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Passenger claims

Being involved in an accident is never a pleasant experience but accidents which occur in a vehicle on the road can have particularly devastating consequences often resulting in long term injuries and sadly, sometimes, even death.

However, if you were injured whilst travelling as a passenger in a vehicle you may well be able to make a claim against the party liable, whether the accident was the fault of the driver of the vehicle you were travelling in or the driver of another vehicle involved.

Passenger claims are generally one of the simplest personal injury claims to deal with because the passenger cannot be held liable for the driver’s negligence unless, under very unlikely circumstances, the passenger deliberately obstructs the driver’s vision or intentionally distracts the driver.

All vehicle drivers, whether operating a car, van, taxi, lorry or bus, have a duty to ensure the safety and wellbeing of both their own passengers and pedestrians on the road and when this duty is ignored and an accident occurs the injured passenger will then have a valid personal injury claim.

Almost all personal injury claims are handled by solicitors via the No Win No Fee system which was brought in to replace legal aid. This system gives claimants added protection should their claim be unsuccessful by enabling the claimant to settle the defendant’s court costs using their insurance cover and, when a claim is unsuccessful, the no win no fee system means that the claimant will not be expected to pay their solicitor’s fees.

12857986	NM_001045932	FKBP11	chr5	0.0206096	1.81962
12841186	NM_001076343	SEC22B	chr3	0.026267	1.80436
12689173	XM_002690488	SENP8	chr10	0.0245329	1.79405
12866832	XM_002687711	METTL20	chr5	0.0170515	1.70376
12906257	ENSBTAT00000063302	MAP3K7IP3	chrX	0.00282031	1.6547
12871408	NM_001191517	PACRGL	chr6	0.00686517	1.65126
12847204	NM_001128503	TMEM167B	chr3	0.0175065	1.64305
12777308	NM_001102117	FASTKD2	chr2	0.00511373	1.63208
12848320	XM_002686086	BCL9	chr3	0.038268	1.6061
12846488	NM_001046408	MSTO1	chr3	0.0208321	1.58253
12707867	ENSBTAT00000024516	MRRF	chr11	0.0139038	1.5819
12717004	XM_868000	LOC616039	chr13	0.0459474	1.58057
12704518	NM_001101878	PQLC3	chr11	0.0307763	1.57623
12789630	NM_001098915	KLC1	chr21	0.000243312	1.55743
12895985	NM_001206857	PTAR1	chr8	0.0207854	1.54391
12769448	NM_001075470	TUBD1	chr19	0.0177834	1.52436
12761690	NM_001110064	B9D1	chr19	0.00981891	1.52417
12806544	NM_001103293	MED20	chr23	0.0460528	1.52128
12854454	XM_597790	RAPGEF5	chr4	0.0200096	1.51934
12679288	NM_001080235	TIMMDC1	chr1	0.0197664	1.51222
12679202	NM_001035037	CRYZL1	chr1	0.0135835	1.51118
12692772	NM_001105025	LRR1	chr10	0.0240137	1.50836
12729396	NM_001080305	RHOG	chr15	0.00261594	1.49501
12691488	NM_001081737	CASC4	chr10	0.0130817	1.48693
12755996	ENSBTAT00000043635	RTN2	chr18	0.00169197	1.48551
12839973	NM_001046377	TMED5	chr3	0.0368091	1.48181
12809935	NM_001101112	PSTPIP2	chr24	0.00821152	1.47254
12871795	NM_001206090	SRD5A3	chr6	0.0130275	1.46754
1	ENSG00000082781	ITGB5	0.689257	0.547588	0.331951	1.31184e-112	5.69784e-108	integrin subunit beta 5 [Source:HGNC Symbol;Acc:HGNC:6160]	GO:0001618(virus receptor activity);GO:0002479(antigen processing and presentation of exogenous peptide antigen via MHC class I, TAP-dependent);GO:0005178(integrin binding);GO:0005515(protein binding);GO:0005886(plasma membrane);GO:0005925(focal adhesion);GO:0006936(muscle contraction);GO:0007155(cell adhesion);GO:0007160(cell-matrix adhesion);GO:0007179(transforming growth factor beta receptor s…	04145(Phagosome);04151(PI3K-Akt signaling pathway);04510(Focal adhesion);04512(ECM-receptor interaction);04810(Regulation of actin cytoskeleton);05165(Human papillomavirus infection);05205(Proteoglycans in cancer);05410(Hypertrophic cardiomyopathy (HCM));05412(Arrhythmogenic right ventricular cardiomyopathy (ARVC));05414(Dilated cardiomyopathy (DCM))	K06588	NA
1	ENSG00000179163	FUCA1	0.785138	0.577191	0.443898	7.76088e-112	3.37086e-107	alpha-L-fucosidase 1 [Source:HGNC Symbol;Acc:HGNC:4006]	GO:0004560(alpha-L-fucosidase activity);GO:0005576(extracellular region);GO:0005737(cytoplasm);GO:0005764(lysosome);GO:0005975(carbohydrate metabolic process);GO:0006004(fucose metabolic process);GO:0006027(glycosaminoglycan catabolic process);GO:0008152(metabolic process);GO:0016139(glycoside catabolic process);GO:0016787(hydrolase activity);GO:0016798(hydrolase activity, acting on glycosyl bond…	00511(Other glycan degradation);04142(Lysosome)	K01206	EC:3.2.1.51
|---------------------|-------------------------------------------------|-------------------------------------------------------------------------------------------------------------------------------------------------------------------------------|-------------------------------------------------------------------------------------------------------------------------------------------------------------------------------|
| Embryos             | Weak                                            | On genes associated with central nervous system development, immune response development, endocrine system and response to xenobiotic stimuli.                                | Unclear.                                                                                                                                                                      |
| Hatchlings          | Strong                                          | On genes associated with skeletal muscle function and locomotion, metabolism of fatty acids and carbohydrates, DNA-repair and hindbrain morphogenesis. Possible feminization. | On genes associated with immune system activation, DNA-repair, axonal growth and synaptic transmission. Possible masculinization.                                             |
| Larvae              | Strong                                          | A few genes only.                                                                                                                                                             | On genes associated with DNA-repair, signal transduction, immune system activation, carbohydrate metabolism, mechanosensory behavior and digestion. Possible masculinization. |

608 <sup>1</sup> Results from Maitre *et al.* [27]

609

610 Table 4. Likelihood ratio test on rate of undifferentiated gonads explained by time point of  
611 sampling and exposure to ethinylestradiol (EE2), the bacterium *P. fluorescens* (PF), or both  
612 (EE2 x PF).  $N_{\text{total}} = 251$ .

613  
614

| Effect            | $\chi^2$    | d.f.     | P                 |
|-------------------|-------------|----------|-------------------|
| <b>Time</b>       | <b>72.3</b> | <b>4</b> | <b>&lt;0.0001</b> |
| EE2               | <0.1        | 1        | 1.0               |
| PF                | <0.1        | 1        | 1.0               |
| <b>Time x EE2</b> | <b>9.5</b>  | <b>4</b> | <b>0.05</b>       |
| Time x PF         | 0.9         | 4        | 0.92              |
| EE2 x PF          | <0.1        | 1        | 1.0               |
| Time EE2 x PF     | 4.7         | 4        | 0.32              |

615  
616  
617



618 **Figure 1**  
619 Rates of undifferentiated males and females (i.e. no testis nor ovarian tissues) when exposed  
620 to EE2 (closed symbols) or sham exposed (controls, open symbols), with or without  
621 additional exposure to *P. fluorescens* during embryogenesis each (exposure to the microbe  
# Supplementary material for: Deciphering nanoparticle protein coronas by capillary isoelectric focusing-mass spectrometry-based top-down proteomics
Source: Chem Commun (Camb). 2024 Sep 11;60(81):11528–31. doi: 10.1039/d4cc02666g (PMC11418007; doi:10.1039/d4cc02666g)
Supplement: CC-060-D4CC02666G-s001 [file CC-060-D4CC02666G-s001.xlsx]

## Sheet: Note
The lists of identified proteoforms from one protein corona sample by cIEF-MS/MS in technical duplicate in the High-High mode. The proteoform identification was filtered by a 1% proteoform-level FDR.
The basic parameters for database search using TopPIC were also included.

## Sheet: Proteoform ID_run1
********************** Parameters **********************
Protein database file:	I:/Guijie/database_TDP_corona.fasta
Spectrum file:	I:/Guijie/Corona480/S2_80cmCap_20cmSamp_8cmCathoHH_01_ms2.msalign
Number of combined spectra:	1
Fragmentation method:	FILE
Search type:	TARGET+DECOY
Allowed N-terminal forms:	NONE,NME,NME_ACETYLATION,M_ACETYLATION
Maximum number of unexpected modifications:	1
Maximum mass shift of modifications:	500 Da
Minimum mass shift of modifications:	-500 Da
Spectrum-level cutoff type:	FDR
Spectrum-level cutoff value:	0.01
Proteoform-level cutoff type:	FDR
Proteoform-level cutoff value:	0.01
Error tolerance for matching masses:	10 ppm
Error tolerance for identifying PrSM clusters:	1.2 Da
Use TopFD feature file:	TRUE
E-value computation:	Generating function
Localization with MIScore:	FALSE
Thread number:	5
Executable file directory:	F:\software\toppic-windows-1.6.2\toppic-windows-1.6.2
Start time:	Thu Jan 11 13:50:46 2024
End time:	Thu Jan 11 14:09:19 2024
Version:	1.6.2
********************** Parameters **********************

Successful no win no fee claims mean that the claimant will receive the full 100% in compensation and all other costs and expenses are taken care of by the defendant.

When a personal injury case is being put together and the compensation figure is calculated the solicitor acting on behalf of the claimant will take a number of factors into consideration including:

  • The severity of the accident and how it happened
  • Whether there were any witnesses
  • The type and seriousness of the injuries sustained
  • The treatment, surgery and medication the claimant received as a result of the injuries
  • Whether the injuries will have any long-term or lasting affects
  • How the injuries have affected the day to day living of the claimant.
  • Whether the accident or injuries have caused any side affects or symptoms such as continual headaches, insomnia, anxiety or depression.
  • Whether the claimant has experienced any loss of amenity. A loss of amenity is when an individual is no longer able to partake in or participate in an activity or something which gives then pleasure and enjoyment as a result of the injury
  • Any loss of income experienced by the claimant as a result of having to take unpaid time off work.
  • Any expenses incurred because of the accident such as additional childcare care costs because the claimant is unable to care for their children, homecare costs if they need help with personal care or housekeeping, fuel expenses or taxi fares to and from the hospital or Doctor’s surgery and prescription and treatment fees.
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